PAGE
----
Local Authorities Research Consortium
The study identified several challenging issues, including ‘normalised’ neglectful behaviour in some communities. Practitioners may not know which community organisations exist or what early help they could offer. The report suggests a range of strategies to help prevent neglect or support families to address neglectful behaviour, including:
Promote existing services more effectively, simplify processes and reduce waiting lists
Improve multi-agency working and information sharing
Improve families’ knowledge about children’s social care to remove the stigma associated with seeking help
Raise community awareness about different levels of neglect
Provide training and support for those in the community who are working with families.
LARC5 looked at one of the pressing issues facing the children’s sector: neglect. We investigated how to effectively support families with different levels of need across the early intervention spectrum to engage with services within an overall framework of neglect. Nine authorities from across England carried out research into this topic, supported by the LARC researchers at NFER and RiP. Our key findings were:
Practitioners and families felt that more help needs to be offered to families early on, before issues escalate. However, practitioners felt that most help was available when families encountered more complex difficulties, rather than offering them preventative advice and support through education or universal services.
Authorities’ and different practitioner groups’ responses to a child who may be at risk of neglect may vary slightly.
LARC’s fourth report looked at the use of the common assessment framework (CAF) with families with complex needs and explored the interface between CAF multi-agency teams and social care in meeting children and families’ needs. Building on the success of previous rounds of LARC, this report presents the findings from twelve authorities comprising 39 case studies. Each LA developed, conducted, analysed and reported their own research project with the support of NFER and RiP researchers.
Timescale: April 2011 – March 2012
The third round of LARC explored early intervention, using the CAF process and its cost effectiveness. Twenty-one local authorities (LAs) were involved in LARC3, with each developing, conducting, analysing and reporting their own research project, with support from NFER researchers. Each project, collectively comprising 80 case studies, gathered views from practitioners and families about a CAF episode. Views were sought on the successes and challenges of the process in improving family outcomes but also on the time and costs associated with a CAF episode. For each case study, data were gathered on the time and costs of the CAF episode (i.e. the assessment, TAC meetings and packages of support) and the possible future scenarios avoided by helping the family. An adapted futurising methodology was used to determine possible future scenarios avoided.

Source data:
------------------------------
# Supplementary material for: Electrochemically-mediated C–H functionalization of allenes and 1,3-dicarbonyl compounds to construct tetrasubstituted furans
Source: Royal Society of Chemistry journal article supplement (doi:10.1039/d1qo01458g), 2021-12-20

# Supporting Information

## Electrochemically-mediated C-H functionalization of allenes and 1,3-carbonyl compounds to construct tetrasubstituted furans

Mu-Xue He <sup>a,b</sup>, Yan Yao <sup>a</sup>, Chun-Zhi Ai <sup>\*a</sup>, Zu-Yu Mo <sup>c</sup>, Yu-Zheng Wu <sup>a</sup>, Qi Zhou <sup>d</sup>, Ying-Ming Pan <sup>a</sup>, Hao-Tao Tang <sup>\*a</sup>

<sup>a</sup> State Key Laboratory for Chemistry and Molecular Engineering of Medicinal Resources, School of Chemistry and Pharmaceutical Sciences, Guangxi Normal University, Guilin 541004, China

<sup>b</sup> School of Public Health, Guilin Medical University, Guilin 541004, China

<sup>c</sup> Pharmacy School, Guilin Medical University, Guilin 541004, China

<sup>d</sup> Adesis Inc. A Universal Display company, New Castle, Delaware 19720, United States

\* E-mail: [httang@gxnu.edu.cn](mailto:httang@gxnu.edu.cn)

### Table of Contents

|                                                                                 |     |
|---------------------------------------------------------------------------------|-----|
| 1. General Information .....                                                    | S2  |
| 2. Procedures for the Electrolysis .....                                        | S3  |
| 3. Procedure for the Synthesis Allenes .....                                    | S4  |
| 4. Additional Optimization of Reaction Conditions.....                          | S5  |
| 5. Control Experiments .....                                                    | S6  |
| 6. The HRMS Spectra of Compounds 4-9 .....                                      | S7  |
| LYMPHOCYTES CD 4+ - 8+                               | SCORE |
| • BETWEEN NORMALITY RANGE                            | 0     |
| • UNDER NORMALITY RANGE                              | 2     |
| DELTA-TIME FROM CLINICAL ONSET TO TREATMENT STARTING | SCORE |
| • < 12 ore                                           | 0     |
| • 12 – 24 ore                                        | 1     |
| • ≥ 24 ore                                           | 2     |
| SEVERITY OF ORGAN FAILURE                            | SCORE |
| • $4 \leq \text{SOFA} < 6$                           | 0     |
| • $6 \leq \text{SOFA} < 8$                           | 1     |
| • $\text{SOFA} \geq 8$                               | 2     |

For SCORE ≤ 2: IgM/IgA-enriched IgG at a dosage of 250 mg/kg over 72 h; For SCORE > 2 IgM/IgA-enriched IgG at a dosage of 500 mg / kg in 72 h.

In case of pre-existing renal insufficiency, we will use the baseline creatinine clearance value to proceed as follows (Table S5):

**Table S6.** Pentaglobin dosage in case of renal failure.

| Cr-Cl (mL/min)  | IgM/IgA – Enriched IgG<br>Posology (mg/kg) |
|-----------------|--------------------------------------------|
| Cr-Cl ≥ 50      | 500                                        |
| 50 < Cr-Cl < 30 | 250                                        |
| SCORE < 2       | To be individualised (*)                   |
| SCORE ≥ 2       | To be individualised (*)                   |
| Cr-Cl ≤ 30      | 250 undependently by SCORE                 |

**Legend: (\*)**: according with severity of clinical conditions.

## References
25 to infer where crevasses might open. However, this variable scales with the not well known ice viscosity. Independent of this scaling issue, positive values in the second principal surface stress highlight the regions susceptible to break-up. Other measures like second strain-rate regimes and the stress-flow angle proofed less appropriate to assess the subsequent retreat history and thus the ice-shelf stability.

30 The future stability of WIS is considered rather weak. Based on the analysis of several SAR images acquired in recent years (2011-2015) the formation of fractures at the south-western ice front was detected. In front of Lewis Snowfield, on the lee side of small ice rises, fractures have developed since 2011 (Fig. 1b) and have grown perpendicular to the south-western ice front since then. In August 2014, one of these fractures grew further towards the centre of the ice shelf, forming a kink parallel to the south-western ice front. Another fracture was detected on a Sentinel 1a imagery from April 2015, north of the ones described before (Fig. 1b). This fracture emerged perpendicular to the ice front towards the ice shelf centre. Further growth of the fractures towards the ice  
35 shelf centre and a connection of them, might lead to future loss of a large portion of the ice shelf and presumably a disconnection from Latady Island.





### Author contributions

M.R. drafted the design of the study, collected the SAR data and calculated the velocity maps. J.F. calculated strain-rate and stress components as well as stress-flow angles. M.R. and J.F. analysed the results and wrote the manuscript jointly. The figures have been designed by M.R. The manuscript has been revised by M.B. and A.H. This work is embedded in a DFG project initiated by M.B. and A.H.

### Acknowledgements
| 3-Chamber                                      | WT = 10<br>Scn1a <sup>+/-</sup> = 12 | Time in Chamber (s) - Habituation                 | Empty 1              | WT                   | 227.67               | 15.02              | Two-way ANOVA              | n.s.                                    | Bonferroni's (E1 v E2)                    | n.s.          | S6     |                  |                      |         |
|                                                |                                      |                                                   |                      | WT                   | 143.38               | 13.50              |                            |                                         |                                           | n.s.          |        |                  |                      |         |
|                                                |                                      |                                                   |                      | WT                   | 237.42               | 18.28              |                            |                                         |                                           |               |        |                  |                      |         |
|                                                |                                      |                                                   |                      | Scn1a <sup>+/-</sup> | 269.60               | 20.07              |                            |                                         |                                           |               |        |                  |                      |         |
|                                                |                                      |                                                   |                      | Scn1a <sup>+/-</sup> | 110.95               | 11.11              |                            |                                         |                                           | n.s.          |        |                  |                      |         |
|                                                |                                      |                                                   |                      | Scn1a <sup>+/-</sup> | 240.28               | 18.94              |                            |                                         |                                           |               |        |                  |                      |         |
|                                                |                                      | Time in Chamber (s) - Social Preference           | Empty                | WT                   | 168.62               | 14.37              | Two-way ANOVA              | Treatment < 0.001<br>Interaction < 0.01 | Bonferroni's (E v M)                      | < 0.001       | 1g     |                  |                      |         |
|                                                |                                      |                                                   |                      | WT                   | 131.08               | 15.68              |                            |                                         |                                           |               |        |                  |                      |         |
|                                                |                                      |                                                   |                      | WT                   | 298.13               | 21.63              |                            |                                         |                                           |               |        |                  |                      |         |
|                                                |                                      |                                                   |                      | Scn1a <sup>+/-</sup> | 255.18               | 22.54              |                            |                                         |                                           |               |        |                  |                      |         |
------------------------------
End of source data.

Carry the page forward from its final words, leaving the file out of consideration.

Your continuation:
The findings from LARC3 will be of interest to national and local Government agencies, Children’s Trusts, all Children’s Service authorities and anyone with an interest in early intervention; the CAF process and cost effectiveness. The report can be accessed below.
Timescale: April 2010 – March 2011
The second round of work used the CAF process as a proxy for exploring the impact of integrated practice on children, young people, their families, professionals who worked with them and the services themselves. LARC2 had two research questions:
Does the CAF process support the achievement of better outcomes for children and young people?
What are the key factors that promote the effectiveness of CAF in different contexts?
Twenty-four local authorities (LAs) were involved in round 2 and each developed, conducted, analysed and reported their own research project. Research projects focused on one of three groups of children and young people: key stage 3 non-attenders; early years development or children and young people with behavioural issues/at risk of substance of misuse within the context of engaging with children, young people, families and communities; the work of the lead professional or the effectiveness of Children’s Trust arrangements. Projects were conducted within the overarching theme of ‘working with schools’.
Conclusions and recommendations of LARC 2, which NFER pulled together from the findings from the 24 individual projects, will be of interest to national and local Government agencies, Children’s Trusts, all Children’s Service authorities and anyone with an interest in integrated working and/or the CAF process. Reports can be accessed below.
Timescale: October 2008 – April 2010
LARC1’s aim was to identify the early impact of integrated children’s services and the features that promote or hinder success in improving outcomes for children and young people. This was explored through the lens of services and support for three key groups of vulnerable young people: looked-after children, children with autistic spectrum disorders, and young people at key stage 3 with poor school attendance. The LARC study highlights the evidence for early impact on services, practitioners and the children and young people and families under study. There are examples of how outcomes have improved for some of the people involved, making use of qualitative evidence, stories and case studies gathered throughout the study. The findings from the first year of the research are reported in relation to a four-level model of impact. This model helped LAs to reflect on their progress towards integration.